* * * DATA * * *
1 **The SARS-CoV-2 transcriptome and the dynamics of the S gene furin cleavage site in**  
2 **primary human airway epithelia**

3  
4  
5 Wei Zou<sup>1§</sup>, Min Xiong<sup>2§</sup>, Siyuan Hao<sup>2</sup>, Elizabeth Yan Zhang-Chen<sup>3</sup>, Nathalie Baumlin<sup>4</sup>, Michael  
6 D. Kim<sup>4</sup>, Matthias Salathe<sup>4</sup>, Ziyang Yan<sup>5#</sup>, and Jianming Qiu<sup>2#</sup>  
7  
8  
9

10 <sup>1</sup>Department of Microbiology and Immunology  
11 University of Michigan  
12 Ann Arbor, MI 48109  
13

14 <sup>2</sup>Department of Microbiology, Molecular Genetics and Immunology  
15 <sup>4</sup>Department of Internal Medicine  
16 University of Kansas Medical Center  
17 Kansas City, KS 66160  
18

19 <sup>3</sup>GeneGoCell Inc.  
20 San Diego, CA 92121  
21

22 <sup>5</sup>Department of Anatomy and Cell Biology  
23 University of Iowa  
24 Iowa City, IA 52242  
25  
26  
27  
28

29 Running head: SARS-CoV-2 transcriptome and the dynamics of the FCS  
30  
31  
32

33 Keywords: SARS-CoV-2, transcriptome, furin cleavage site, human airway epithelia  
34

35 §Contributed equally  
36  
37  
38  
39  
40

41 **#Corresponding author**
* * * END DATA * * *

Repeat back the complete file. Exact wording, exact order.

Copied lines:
1 **The SARS-CoV-2 transcriptome and the dynamics of the S gene furin cleavage site in**  
2 **primary human airway epithelia**

3  
4  
5 Wei Zou<sup>1§</sup>, Min Xiong<sup>2§</sup>, Siyuan Hao<sup>2</sup>, Elizabeth Yan Zhang-Chen<sup>3</sup>, Nathalie Baumlin<sup>4</sup>, Michael  
6 D. Kim<sup>4</sup>, Matthias Salathe<sup>4</sup>, Ziyang Yan<sup>5#</sup>, and Jianming Qiu<sup>2#</sup>  
7  
8  
9

10 <sup>1</sup>Department of Microbiology and Immunology  
11 University of Michigan  
12 Ann Arbor, MI 48109  
13

14 <sup>2</sup>Department of Microbiology, Molecular Genetics and Immunology  
15 <sup>4</sup>Department of Internal Medicine  
16 University of Kansas Medical Center  
17 Kansas City, KS 66160  
18

19 <sup>3</sup>GeneGoCell Inc.  
20 San Diego, CA 92121  
21

22 <sup>5</sup>Department of Anatomy and Cell Biology  
23 University of Iowa  
24 Iowa City, IA 52242  
25  
26  
27  
28

29 Running head: SARS-CoV-2 transcriptome and the dynamics of the FCS  
30  
31  
32

33 Keywords: SARS-CoV-2, transcriptome, furin cleavage site, human airway epithelia  
34

35 §Contributed equally  
36  
37  
38  
39  
40

41 **#Corresponding author**